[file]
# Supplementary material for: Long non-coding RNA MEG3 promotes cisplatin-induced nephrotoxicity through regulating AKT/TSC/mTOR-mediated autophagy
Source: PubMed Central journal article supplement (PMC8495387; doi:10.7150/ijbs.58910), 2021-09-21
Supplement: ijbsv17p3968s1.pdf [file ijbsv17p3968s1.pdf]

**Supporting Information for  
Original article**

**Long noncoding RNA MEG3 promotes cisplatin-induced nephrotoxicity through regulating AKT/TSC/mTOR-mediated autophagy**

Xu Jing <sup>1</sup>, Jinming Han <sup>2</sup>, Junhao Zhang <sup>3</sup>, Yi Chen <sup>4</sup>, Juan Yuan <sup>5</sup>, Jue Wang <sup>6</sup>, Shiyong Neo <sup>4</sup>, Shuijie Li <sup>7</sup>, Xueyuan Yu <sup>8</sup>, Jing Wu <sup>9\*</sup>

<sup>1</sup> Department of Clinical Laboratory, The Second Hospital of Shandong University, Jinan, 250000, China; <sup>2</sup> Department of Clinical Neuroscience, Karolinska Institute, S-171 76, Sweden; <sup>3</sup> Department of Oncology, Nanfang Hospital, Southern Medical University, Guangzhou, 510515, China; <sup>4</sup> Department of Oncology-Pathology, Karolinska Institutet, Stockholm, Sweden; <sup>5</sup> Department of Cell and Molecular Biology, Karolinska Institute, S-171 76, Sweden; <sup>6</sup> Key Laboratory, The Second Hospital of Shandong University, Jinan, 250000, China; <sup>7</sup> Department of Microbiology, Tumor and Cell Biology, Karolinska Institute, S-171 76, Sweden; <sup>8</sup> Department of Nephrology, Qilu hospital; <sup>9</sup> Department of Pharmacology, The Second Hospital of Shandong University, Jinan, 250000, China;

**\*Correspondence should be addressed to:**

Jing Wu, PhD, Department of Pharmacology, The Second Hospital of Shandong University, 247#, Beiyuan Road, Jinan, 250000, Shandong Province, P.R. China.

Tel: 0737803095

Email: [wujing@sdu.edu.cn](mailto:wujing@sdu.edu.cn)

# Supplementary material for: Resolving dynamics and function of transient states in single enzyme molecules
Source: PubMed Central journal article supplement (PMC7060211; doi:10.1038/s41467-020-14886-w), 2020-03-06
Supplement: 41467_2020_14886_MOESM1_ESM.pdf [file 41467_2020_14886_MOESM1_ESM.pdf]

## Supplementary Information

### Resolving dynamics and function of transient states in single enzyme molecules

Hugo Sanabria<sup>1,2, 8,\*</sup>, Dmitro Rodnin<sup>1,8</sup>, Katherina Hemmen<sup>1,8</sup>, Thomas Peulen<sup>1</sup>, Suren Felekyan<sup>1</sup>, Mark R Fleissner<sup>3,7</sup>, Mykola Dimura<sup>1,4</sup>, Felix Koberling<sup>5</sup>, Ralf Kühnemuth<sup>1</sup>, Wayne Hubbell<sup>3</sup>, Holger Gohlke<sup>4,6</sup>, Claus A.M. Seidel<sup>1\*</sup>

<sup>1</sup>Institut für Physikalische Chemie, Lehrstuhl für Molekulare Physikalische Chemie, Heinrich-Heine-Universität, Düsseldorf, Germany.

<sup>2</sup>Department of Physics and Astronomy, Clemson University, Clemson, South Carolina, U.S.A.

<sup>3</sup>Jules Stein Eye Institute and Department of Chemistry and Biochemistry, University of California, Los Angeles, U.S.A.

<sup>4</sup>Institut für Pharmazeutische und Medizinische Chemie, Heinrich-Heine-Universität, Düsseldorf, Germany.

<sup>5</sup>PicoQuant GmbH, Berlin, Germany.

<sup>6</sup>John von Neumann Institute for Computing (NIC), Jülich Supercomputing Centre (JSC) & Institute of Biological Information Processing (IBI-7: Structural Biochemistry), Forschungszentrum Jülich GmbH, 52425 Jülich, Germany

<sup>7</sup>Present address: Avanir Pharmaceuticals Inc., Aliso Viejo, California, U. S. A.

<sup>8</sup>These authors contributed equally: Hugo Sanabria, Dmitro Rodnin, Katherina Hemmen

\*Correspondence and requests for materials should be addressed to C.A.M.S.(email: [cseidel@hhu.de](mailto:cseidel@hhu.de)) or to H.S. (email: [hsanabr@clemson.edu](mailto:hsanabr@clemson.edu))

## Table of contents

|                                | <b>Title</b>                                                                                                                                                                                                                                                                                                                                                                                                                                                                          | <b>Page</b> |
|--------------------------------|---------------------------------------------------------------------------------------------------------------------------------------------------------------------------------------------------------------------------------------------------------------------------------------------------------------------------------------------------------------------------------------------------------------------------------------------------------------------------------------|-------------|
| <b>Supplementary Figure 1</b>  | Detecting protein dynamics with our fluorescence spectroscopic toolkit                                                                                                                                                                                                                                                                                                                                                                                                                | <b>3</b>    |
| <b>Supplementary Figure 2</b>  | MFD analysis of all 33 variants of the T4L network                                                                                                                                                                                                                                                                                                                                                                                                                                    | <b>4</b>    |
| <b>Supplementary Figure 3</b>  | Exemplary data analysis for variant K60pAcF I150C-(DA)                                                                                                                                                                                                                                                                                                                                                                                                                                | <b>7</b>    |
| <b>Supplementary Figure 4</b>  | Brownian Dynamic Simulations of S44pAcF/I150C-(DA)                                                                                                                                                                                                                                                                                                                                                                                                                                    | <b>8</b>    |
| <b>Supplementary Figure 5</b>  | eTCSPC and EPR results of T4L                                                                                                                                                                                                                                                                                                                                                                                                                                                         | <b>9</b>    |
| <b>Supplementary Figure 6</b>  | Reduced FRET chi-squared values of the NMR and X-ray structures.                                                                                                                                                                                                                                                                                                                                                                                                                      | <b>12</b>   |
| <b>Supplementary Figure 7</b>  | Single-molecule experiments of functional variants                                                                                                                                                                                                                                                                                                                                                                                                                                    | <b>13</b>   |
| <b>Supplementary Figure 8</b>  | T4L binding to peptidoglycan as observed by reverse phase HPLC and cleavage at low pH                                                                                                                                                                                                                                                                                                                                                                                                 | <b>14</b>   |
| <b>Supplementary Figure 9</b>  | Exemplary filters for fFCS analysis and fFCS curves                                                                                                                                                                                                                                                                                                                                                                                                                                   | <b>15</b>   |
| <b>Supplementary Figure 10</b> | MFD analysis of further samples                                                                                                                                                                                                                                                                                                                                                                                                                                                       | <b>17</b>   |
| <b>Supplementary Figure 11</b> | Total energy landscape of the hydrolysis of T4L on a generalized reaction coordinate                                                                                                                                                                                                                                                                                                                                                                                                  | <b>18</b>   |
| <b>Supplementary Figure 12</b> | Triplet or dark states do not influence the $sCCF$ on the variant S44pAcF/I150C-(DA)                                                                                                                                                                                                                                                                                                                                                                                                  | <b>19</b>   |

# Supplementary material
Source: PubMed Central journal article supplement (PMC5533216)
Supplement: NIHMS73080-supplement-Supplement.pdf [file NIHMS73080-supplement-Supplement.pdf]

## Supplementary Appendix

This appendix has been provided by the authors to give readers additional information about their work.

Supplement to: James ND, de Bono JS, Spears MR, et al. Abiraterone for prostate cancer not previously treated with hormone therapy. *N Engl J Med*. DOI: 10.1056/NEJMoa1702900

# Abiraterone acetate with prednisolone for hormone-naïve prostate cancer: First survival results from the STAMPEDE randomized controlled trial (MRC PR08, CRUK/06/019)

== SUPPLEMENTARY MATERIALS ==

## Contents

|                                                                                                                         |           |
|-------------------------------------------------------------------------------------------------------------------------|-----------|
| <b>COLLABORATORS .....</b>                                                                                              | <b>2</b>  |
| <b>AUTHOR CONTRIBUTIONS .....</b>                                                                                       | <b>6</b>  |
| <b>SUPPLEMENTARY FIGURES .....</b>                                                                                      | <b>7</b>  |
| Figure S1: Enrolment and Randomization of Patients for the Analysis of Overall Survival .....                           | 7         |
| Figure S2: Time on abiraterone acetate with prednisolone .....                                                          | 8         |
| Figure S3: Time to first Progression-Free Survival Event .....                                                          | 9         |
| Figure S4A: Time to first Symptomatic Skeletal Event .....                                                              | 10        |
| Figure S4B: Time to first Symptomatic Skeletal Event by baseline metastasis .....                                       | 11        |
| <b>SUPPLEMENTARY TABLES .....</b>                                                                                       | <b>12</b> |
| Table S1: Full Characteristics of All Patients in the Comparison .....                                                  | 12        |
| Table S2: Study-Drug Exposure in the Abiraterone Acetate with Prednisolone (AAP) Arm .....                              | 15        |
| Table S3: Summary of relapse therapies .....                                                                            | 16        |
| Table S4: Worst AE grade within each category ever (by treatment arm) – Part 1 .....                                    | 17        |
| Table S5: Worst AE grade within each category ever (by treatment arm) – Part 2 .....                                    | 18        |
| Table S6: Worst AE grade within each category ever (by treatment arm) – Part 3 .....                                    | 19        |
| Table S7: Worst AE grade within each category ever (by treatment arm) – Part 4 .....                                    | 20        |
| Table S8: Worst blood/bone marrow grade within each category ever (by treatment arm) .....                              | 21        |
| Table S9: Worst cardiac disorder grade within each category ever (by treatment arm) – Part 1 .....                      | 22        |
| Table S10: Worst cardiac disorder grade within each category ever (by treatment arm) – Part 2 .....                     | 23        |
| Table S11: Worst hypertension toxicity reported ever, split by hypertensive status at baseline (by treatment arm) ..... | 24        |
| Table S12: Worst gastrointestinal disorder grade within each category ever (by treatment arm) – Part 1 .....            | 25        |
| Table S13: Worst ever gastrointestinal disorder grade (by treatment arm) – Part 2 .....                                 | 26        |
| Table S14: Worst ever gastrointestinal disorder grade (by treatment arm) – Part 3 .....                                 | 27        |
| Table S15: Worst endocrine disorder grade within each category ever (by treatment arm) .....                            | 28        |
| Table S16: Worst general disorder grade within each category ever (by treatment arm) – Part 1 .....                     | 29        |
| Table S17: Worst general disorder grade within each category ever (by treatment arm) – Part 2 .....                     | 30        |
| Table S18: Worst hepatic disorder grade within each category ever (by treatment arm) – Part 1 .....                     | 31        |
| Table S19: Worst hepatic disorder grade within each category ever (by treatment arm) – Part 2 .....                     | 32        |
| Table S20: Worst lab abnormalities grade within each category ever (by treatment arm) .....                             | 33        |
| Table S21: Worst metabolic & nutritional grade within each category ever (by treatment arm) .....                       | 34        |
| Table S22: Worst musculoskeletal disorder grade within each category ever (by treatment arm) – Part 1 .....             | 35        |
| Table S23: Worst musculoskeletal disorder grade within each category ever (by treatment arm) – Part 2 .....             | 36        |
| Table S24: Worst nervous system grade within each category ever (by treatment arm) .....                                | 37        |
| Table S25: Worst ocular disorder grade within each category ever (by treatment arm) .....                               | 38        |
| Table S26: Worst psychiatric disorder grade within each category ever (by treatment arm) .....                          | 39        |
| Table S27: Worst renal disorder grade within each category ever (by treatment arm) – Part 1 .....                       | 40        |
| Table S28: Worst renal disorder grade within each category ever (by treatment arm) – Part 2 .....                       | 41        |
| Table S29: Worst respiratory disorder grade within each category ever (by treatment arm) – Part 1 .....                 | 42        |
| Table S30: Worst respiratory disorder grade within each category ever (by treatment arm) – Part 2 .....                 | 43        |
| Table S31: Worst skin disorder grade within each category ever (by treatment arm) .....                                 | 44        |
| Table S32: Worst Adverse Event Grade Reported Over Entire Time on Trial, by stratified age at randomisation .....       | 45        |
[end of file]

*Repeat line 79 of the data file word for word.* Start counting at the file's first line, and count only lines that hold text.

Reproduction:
| Table S17: Worst general disorder grade within each category ever (by treatment arm) – Part 2 .....                     | 30        |